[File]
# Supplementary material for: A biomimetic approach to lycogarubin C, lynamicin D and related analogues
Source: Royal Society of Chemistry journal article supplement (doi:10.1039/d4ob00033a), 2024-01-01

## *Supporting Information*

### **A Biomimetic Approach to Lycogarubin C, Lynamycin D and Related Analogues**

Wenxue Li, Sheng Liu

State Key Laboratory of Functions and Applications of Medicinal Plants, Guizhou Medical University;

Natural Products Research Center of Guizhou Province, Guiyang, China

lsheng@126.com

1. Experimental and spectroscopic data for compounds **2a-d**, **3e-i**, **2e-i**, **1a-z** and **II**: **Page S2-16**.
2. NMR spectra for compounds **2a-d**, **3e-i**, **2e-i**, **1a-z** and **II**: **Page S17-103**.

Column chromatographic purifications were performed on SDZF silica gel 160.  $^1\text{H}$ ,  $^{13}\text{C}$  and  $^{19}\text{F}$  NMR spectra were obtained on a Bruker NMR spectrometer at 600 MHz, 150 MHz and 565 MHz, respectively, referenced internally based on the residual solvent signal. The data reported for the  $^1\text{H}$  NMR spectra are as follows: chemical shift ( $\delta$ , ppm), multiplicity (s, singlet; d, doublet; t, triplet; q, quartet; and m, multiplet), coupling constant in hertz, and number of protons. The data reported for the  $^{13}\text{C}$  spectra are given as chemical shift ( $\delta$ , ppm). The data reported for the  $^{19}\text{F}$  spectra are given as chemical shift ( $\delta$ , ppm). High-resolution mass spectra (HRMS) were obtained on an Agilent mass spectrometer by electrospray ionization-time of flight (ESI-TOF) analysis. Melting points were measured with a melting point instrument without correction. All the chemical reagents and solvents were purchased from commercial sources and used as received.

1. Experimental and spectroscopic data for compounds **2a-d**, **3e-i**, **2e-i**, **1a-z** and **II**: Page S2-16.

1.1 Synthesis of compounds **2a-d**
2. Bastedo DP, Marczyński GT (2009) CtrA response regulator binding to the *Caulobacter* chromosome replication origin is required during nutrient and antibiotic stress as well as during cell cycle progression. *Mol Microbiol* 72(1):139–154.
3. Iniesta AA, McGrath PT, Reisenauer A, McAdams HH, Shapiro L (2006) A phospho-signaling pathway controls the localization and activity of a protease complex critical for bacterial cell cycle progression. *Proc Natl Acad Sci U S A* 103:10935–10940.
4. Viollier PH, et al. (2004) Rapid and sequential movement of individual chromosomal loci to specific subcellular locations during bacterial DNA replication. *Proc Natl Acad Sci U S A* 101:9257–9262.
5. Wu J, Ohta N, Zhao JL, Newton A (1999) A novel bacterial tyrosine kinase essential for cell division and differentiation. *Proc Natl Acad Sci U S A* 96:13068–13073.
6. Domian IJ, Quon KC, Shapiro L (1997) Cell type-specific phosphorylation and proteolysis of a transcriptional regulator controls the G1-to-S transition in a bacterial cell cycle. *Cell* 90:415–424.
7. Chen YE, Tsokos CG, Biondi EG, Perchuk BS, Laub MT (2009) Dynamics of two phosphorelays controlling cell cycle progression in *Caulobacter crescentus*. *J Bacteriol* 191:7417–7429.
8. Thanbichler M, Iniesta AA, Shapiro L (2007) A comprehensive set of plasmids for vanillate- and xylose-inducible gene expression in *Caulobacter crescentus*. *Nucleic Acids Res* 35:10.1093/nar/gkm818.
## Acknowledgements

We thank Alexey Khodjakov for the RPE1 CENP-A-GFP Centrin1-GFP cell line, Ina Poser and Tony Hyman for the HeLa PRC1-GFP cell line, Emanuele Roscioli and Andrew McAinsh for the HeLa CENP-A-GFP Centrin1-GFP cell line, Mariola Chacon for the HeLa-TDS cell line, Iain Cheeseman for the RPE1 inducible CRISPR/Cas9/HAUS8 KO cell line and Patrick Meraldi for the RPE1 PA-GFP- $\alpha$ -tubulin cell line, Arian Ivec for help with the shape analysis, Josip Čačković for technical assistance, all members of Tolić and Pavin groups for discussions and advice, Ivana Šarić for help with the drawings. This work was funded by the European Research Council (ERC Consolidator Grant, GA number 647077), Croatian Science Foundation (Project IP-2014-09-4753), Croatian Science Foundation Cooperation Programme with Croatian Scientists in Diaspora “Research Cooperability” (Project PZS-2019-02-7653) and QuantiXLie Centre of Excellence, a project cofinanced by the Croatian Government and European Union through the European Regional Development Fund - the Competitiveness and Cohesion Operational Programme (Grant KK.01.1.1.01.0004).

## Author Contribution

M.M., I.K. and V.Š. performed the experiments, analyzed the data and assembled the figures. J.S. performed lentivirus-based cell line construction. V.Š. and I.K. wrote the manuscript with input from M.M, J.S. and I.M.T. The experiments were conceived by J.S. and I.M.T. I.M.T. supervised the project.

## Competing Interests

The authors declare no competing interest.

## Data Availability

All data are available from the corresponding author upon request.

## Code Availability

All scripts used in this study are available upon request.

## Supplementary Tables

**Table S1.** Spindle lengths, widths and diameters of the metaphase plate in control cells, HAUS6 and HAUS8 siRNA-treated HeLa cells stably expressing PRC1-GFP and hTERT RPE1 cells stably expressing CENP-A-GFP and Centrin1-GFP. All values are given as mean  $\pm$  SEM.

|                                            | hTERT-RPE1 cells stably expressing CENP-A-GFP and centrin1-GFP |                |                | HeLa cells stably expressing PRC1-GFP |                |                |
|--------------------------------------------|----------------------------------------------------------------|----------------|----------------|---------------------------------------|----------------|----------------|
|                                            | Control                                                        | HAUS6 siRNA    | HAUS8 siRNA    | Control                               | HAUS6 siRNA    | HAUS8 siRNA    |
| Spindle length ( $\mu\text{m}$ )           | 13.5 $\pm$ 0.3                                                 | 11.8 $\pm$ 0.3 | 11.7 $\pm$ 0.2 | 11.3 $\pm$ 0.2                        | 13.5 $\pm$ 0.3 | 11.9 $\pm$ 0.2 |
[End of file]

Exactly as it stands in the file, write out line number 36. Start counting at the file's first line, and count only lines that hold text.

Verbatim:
| Spindle length ( $\mu\text{m}$ )           | 13.5 $\pm$ 0.3                                                 | 11.8 $\pm$ 0.3 | 11.7 $\pm$ 0.2 | 11.3 $\pm$ 0.2                        | 13.5 $\pm$ 0.3 | 11.9 $\pm$ 0.2 |